I Have Perfectionist “Nail Anxiety” — & I’m Not Alone


When nail content creator Sarah Haider (@heluviee) would get a manicure at her local nail salon, she’d always have to ‘fix’ it at home. “I always liked getting my nails done, trying out fun designs,” says Haider who now posts her DIY manicures on Instagram as nail inspo for her 582,000 Instagram followers. “But I would find myself coming home and immediately grabbing a nail file.”

It’s not that Haider’s formerly-routine salon manicures weren’t beautiful, it just seemed they weren’t turning out exactly how she wanted. “When a manicure doesn’t turn out the way I envision it, I get pretty frustrated,” Haider explains. Finding herself frequently anxious ahead of her salon appointment, Haider began doing her own nails. “I’d rather have them perfect,” she says.

What is nail anxiety?

Haider is not unique in experiencing nail-related anxieties. The #nailanxiety currently has 20.7K TikTok views and rising. Many people describe nail anxiety as a general uneasiness felt at the nail salon, sometimes manifesting in an inability to speak up when a part of the manicure — like the nail art or polish color — is not shaping up as expected. It can lead to a feeling of disappointment or regret. Of course, that’s just one side of it.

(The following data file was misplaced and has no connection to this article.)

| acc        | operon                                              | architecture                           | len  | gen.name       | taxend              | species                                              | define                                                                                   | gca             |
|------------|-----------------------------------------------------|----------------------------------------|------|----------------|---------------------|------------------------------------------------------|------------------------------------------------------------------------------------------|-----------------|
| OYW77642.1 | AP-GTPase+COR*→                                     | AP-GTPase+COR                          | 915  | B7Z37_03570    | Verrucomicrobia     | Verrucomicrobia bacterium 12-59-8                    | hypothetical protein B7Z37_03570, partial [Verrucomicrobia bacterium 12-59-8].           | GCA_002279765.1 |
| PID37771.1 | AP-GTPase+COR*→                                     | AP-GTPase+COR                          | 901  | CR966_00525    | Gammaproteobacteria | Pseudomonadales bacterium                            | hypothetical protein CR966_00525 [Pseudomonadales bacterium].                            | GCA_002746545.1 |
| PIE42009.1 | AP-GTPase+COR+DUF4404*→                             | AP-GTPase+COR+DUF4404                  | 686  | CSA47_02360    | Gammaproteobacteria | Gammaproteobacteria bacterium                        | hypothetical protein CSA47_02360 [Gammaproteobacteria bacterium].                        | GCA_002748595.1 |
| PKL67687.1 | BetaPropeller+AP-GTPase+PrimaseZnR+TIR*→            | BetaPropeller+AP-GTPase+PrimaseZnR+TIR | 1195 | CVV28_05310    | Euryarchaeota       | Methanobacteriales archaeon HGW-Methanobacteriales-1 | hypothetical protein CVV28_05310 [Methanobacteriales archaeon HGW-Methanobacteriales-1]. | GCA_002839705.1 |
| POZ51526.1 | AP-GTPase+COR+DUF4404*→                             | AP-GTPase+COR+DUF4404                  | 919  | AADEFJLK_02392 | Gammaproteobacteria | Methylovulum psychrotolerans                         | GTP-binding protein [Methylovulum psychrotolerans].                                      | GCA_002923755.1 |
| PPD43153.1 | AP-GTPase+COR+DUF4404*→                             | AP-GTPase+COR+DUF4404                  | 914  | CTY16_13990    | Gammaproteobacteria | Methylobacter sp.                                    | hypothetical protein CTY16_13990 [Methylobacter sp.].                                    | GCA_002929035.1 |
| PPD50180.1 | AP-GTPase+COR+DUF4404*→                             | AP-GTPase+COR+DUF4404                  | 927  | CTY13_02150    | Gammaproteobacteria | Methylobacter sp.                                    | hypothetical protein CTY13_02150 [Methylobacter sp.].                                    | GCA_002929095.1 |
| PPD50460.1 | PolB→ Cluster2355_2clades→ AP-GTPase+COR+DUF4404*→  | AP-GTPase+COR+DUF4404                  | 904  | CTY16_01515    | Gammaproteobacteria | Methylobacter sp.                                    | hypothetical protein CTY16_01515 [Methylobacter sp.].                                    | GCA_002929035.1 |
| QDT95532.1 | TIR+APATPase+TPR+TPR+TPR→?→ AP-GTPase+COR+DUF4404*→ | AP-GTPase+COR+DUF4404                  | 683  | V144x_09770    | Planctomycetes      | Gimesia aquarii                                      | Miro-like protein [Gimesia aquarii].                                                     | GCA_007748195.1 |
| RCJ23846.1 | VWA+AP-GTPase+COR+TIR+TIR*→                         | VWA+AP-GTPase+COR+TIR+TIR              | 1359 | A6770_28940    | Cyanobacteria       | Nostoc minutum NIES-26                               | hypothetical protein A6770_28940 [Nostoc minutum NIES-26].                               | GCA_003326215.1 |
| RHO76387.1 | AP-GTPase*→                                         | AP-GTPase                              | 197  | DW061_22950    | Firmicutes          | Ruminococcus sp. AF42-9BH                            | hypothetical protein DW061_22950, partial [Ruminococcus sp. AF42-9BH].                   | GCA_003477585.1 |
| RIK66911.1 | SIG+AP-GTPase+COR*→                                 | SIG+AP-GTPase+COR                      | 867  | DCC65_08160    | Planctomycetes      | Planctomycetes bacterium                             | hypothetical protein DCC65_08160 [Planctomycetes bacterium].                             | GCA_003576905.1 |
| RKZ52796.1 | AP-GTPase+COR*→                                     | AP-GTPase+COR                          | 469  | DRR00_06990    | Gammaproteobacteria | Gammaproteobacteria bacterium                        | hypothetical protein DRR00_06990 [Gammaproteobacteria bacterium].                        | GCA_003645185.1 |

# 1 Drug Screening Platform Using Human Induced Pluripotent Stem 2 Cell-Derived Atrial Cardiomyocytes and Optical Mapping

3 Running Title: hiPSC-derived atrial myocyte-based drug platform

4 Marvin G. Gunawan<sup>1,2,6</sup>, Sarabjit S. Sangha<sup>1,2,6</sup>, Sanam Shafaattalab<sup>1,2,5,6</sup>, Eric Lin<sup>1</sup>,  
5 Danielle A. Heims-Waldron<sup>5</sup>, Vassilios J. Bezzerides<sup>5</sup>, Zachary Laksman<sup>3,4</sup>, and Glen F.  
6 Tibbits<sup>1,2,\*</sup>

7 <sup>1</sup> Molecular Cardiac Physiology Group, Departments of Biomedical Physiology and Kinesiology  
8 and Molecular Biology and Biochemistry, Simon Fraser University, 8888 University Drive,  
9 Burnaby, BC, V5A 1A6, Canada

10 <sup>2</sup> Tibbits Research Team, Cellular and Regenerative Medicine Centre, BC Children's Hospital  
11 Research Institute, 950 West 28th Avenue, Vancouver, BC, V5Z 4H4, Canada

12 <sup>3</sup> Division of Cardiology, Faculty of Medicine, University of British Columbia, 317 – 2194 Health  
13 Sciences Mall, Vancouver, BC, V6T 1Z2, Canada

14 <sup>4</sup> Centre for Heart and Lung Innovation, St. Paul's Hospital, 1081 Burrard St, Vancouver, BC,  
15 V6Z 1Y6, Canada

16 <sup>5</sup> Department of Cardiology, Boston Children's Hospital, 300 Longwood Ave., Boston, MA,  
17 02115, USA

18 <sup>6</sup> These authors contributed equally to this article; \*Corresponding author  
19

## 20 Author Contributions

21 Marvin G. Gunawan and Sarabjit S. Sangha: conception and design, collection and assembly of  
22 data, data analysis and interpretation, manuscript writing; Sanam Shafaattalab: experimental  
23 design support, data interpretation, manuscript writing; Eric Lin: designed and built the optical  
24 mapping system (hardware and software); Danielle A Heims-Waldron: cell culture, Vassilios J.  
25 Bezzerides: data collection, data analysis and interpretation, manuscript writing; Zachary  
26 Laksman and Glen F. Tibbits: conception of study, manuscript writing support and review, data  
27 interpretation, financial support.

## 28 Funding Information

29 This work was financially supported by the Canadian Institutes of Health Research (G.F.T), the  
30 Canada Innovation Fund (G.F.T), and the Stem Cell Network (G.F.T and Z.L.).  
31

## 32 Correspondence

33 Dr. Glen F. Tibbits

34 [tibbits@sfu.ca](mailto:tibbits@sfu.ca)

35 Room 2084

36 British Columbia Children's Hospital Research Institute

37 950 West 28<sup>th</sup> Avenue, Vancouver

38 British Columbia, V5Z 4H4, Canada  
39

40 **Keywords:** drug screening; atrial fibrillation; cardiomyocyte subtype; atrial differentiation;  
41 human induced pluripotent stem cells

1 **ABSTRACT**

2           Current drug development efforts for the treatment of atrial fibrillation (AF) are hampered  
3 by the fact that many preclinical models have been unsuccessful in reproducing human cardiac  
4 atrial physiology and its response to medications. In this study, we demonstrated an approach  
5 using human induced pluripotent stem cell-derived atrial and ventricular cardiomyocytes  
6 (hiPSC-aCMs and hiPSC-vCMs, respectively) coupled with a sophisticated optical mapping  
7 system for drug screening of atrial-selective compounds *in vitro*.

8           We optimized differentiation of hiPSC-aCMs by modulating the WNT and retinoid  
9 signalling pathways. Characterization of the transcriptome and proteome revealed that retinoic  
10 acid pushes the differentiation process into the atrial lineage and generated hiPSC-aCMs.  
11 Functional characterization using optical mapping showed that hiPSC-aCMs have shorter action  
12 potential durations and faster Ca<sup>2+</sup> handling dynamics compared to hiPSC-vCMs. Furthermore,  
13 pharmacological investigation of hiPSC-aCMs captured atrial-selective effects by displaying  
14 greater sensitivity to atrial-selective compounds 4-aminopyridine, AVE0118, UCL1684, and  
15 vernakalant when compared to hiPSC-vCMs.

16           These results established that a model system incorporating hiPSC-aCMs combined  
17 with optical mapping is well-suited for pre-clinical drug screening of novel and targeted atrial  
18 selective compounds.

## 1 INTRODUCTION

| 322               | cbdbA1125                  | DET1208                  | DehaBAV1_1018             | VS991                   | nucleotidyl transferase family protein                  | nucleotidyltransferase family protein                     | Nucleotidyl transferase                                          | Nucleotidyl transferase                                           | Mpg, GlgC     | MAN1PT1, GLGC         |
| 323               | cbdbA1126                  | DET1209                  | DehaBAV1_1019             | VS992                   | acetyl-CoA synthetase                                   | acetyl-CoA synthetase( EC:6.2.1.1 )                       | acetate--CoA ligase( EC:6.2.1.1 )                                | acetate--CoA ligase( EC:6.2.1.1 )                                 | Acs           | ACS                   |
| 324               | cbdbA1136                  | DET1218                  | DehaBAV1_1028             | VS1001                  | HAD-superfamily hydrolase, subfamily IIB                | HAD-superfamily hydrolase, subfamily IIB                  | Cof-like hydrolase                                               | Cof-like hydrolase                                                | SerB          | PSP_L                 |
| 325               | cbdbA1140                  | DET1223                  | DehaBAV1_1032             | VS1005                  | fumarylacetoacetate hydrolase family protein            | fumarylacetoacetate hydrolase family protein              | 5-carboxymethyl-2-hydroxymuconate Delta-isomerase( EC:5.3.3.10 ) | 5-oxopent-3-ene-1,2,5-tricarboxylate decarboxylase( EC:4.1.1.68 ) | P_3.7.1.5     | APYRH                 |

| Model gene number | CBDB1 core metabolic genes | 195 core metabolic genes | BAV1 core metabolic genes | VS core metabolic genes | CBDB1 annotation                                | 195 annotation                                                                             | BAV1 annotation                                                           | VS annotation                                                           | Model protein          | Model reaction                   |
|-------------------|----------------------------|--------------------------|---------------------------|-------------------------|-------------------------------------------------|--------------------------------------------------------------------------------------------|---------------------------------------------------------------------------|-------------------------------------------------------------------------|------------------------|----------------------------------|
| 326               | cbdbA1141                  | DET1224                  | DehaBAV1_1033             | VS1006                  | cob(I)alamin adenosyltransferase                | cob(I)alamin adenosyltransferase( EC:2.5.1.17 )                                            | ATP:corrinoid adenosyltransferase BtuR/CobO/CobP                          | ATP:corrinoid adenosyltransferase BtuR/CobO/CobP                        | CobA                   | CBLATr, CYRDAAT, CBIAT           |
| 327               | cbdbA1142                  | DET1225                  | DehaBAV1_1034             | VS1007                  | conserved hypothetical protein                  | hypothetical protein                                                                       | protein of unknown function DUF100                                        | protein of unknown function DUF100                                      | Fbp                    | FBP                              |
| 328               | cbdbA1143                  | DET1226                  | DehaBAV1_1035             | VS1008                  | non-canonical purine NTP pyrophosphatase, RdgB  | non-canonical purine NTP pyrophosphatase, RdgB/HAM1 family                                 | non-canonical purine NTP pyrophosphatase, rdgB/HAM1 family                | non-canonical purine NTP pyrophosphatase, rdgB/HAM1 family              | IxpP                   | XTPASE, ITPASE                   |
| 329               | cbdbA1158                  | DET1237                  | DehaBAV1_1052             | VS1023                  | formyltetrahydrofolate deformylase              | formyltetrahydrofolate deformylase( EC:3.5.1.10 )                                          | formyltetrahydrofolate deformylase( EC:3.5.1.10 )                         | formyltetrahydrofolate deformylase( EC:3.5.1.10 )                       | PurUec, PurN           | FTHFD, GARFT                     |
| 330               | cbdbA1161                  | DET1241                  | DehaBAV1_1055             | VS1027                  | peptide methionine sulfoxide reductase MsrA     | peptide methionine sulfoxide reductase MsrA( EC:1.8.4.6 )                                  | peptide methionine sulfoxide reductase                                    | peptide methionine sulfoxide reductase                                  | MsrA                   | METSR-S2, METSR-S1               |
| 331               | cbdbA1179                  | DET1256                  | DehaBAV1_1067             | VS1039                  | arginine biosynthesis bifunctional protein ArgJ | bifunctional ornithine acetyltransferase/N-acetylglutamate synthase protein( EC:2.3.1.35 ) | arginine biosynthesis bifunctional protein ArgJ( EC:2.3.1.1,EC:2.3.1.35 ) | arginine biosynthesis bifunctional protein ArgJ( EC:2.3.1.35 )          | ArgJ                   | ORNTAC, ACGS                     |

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Nail perfectionism 

For Jess Brush, a nail creator who posts her art under the alias @nailbetch, visiting the nail salon causes a similar kind of self-imposed stress. As a self described “Type A” personality, Brush has a clear vision of what she wants for her nails, but struggles with how she’ll be perceived. “I never want to be pushy,” explains Brush. “But it gives me anxiety watching somebody else do my nails.”

“It gives me anxiety watching somebody else do my nails.”

Jess Brush, Nail Artist

Of course, that’s not to say that the nail salon is the problem — it’s definitely not. Anxiety is personal. But there may be a level of perfectionism at play. “I see this younger generation of people who are absolutely obsessive about their appearances, in a pretty extreme way,” offers Dana Stern, MD, an NYC-based dermatologist and nail specialist. “It seems largely driven by these edited images we’re seeing.” We know that the beauty industry sells an unrealistic standard of perfection — and the desire for “perfect” nails is a prime example.

Dr. Stern says that over the past few years she’s noticed an influx of patients hyper-focused on the appearance of their nails. “I’m thinking about a specific young, single female patient who is absolutely distressed by the appearance of her nails,” says Dr. Stern. “It’s almost paralytic. She’s very self-conscious about it, especially when she goes out on dates.”

“I see this younger generation of people who are absolutely obsessive about their appearances.”

Dana Stern, MD, dermatologist & nail specialist

Control behavior